Latin music is booming, but is a growing festival scene threatened by too much of a good thing?
Over the last five years, Latin music has seen explosive growth. The genre outpaced all others’ growth last year, increasing its market share to 5.39%, according to Luminate — up 111% from 2.56% of the market five years earlier in 2016. As the genre grows and becomes more mainstream, Latin artists are not only selling out stadium tours and getting booked on major festivals like Coachella — which doubled the number of Latin acts on its 2022 roster from 2020 — but also new Latin music-focused festivals en masse.
This year in Chicago, two brand-new, back-to-back reggaetón festivals were announced: the Baja Beach Fest and C3 Presents-produced Sueños (May 28-29), with headliners J Balvin, Ozuna and Wisin Y Yandel, and Más Flow (July 15-17), presented by Grass Root Events, with Ivy Queen and Don Omar among the performers. After Vibra Urbana launched in Miami in 2020, the festival returned from the pandemic with additional shows in Orlando, Fla. (June 11-12), and Las Vegas (April 30-May 1). In Los Angeles, the Goldenvoice-backed Viva! L.A. (June 25), which has since been canceled, moved from nearby Pomona this year and Live Nation’s Bésame Mucho will make its debut on Dec. 3 at Dodger Stadium.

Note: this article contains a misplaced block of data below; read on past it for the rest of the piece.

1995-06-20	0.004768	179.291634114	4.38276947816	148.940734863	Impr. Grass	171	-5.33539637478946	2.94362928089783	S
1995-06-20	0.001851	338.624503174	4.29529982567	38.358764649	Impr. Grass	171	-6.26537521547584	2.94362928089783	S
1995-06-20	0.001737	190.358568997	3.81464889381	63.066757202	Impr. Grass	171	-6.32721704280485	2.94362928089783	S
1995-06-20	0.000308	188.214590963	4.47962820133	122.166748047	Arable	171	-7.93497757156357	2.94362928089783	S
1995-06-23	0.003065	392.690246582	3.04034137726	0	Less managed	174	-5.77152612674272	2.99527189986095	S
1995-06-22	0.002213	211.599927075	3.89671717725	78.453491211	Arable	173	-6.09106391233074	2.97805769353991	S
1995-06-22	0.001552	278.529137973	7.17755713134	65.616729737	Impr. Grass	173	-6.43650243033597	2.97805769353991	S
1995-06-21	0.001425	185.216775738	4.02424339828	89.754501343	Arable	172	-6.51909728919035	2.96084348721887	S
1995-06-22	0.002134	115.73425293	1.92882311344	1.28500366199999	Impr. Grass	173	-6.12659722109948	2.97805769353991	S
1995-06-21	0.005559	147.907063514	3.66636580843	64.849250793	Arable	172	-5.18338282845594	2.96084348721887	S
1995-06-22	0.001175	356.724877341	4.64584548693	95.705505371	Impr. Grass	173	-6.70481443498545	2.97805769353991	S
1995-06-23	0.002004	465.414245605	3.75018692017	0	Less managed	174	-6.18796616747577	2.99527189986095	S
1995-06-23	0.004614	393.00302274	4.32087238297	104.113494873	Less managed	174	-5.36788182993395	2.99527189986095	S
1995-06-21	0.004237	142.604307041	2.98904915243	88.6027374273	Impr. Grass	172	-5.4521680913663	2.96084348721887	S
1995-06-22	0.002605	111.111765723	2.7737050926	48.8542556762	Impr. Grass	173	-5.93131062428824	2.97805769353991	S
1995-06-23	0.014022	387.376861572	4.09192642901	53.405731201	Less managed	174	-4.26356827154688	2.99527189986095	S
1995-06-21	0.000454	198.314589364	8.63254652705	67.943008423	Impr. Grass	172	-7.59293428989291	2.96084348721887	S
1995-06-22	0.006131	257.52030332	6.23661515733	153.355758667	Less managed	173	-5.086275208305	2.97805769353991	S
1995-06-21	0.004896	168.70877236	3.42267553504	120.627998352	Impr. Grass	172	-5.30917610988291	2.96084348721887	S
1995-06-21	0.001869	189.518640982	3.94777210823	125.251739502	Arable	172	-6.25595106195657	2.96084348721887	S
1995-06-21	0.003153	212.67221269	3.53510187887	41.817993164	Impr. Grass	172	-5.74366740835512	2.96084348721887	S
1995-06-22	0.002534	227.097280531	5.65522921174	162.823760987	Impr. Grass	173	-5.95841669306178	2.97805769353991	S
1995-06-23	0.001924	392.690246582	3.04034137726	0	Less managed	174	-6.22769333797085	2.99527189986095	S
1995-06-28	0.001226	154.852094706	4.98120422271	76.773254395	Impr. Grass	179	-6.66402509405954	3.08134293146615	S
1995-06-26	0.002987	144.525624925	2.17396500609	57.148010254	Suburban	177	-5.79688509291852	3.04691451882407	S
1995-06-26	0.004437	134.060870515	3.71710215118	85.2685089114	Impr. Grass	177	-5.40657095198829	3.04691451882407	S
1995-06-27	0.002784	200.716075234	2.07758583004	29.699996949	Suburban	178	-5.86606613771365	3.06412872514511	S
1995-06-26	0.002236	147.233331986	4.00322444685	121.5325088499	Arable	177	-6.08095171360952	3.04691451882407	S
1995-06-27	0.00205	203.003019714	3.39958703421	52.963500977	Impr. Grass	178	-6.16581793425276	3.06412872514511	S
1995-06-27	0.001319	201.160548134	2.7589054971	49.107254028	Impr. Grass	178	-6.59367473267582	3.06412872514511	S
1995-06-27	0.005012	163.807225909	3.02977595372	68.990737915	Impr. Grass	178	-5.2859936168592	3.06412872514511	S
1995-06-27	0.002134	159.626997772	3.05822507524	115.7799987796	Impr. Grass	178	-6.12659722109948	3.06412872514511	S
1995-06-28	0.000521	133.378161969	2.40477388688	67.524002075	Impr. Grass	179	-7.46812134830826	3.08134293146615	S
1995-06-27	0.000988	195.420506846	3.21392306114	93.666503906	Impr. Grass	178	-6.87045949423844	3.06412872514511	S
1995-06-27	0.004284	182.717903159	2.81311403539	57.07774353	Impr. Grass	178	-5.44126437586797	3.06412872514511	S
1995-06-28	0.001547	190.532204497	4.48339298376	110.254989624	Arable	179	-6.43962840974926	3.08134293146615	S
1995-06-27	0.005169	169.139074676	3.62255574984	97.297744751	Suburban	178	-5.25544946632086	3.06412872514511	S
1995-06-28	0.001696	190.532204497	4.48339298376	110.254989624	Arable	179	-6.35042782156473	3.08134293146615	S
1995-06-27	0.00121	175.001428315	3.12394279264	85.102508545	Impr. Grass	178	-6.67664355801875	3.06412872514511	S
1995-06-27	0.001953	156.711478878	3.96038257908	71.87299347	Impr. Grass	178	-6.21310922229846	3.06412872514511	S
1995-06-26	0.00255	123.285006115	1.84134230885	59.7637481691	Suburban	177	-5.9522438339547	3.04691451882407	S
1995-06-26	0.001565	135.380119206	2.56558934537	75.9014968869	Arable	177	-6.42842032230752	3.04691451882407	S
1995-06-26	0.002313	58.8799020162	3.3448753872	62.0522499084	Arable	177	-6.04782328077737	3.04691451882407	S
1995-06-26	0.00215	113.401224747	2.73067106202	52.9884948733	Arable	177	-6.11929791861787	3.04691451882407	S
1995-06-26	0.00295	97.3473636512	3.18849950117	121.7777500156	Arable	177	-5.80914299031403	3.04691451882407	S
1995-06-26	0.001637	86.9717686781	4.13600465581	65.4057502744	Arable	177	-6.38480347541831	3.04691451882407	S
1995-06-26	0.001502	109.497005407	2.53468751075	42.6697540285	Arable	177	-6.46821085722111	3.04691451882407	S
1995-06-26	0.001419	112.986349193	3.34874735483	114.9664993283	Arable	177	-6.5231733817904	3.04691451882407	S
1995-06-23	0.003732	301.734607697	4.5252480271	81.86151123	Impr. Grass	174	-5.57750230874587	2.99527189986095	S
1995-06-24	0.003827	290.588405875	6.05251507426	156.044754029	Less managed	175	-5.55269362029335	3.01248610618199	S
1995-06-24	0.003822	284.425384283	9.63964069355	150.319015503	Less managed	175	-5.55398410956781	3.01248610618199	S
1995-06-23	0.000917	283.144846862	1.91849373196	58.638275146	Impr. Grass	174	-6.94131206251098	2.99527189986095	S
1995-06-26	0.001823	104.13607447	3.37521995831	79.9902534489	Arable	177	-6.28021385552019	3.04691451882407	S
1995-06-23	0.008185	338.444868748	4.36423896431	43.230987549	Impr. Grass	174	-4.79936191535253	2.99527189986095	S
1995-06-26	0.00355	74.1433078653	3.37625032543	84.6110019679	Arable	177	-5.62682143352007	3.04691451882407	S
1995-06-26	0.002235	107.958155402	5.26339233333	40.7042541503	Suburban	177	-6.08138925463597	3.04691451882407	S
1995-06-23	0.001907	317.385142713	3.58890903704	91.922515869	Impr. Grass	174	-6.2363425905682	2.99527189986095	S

“The Latin music scene, which was once more niche, is clearly becoming more mainstream, and the market is reacting and rightfully so,” says Josh Kurfirst, WME partner and global head of festivals. “We have seen a steady increase of Latin bookings at the major crossover contemporary festivals and Latin-focused festivals, which I believe is contributing to the blending of Latin music with the pop mainstream.”
But for some of these new festivals, the momentum has been short-lived. So far this year, two major Latin events, with big promoters attached to them and superstar headliners, have been canceled.